At the very core of humanity lies the ability to mentalise – to comprehend that other people have their own thoughts and feelings, intentions and knowledge. But when exactly does this capacity develop in us? We are one of more than 20 labs around the world exploring this fundamental question in developmental psychology as part of the ManyBabies 2 (MB2) collaborative project. In this study, we let both infants aged 18 to 27 months and adults watch short animated films. Meanwhile, we measure their looking behavior. This way, we gain insight into their understanding of what others know. The study takes approximately 15 minutes.
I think human minds are fascinating, especially in the first couple of years of our lives when cognitive abilities develop. There are so many different skills we learn from a very young age that are crucial for us for the rest of our lives. As a research master’s student in developmental psychology and cognition, I’m looking forward to discovering more about infants’ cognitive development. I am part of the ManyBabies 3 project looking into rule learning abilities in infants.
Would you like to help us investigate how babies learn language? We’re running two fun experiments your babies will enjoy! Did you know that even before babies speak their first words, they are working hard to also learn the grammatical rules of their language(s)? In this study, we let 7 month old babies listen to a novel language. After a brief listening phase, we measure their looking behaviour. In this way we can understand how well they learned the rules in the language. We also investigate whether multilingual babies are better at learning these rules. The study takes approximately 15 minutes, and babies with every language background can participate. Get in touch with us for more information and sign ups!
As a Psychology Research Master’s student at the University of Amsterdam, I am specializing in what are my two main interests: clinical and developmental psychology. On the one hand, I am fascinated by the multifaceted manifestations of psychological disorders and their treatment. On the other hand, I am also interested in learning about the origins of the most fundamental aspects of human nature, one of them being social evaluation. As part of my internship project ManyBabies 4, I am, therefore, investigating social evaluation in infants.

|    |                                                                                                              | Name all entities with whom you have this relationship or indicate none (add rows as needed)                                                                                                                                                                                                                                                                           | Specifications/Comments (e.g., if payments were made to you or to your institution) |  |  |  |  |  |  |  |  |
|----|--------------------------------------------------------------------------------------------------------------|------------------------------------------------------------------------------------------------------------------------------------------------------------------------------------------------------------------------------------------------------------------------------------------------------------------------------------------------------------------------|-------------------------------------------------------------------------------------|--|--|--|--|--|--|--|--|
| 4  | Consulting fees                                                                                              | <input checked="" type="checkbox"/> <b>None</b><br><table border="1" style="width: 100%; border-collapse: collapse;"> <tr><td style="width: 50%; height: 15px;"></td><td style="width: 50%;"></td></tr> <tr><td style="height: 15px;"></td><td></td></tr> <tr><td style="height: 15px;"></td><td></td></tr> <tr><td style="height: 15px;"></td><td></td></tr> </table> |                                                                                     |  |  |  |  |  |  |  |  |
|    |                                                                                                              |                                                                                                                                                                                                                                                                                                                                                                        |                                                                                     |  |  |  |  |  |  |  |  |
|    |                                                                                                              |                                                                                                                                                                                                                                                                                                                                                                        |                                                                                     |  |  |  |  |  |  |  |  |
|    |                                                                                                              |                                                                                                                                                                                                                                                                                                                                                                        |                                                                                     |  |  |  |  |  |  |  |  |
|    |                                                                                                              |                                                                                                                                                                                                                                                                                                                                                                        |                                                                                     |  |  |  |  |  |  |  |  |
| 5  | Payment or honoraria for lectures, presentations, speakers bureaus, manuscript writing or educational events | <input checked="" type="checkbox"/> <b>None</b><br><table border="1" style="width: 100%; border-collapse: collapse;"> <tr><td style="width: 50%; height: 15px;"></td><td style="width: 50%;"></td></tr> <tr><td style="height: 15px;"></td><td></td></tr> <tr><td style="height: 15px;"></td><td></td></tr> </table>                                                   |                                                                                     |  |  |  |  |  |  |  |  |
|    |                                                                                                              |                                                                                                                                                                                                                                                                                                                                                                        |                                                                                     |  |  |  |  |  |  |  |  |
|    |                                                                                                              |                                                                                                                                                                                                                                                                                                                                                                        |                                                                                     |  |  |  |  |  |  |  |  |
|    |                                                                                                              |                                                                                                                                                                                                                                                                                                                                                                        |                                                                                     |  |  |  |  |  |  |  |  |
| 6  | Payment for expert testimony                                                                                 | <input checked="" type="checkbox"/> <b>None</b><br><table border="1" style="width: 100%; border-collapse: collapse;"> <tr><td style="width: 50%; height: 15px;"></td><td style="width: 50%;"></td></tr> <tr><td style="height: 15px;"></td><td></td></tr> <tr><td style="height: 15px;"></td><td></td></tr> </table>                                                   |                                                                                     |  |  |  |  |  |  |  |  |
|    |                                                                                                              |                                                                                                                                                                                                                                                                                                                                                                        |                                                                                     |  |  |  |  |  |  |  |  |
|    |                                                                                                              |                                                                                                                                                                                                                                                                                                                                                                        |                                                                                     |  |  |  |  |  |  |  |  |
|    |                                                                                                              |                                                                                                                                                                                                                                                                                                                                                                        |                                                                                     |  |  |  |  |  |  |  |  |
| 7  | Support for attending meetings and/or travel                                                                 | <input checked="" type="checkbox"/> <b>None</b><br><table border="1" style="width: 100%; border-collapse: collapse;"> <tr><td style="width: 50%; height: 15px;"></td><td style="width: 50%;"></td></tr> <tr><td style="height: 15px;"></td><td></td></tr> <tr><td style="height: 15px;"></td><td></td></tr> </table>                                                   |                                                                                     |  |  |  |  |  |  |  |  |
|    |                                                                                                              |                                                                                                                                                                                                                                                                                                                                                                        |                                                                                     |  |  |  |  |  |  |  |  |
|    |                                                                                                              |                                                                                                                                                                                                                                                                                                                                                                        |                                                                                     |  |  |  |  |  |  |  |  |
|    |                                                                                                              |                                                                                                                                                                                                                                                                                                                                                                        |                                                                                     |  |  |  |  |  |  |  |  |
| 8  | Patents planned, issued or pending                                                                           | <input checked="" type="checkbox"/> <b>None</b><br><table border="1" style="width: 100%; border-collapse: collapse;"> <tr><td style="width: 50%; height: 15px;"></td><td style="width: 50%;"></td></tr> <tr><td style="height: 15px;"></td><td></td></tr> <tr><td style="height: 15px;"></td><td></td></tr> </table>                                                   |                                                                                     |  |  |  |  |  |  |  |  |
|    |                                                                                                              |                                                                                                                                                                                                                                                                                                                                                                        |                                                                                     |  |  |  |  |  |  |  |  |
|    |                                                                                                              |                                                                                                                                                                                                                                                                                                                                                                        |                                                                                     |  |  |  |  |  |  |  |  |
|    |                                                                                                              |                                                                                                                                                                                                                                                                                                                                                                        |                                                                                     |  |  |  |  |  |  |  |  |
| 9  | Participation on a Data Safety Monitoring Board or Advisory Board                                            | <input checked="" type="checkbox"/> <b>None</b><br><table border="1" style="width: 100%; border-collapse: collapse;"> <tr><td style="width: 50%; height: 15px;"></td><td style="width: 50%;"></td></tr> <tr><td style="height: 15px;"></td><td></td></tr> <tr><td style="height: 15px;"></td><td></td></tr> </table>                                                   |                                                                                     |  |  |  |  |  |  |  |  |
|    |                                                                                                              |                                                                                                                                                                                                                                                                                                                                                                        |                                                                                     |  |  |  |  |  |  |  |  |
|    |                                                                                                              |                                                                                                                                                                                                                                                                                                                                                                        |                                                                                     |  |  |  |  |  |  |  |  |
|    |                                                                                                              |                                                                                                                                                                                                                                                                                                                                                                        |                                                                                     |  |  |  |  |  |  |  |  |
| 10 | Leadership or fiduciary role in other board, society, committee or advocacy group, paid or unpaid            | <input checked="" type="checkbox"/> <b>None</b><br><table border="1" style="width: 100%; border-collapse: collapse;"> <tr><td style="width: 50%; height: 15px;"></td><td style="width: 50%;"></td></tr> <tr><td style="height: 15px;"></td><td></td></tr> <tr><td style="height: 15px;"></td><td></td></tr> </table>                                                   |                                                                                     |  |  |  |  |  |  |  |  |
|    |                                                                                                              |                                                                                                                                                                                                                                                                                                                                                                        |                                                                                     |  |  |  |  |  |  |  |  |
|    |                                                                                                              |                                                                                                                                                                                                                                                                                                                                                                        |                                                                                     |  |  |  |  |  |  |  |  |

What do we come into this world with, and what do we learn? How do we learn? Babies offer a unique opportunity for us to explore some of the most fundamental questions we have about how we become ourselves. As a research master’s student specializing in developmental psychology and psychological methodology, I am excited to be a part of the Baby Lab as we delve deeper into how babies learn and how best to study the complex processes of human development.
I’m fascinated by the developing mind and how we learn about the world around us. With a particular focus on theory of mind, which is all about understanding what other people are thinking and feeling, I am constantly amazed to see how even very young children start to develop these skills. As a research master student in developmental psychology and research methods, I’m excited to uncover even more about the incredible potential of infants’ minds
Babies are renowned for leaving those around them in awe – the first year of life is a fascinating period of rapid growth and development. As a master’s student who specializes in developmental and cognitive psychology, I find this life stage the most astonishing of all. That is why I am happy to be part of the Baby Lab where I study how a baby’s eyes and smile show us what they understand about the world.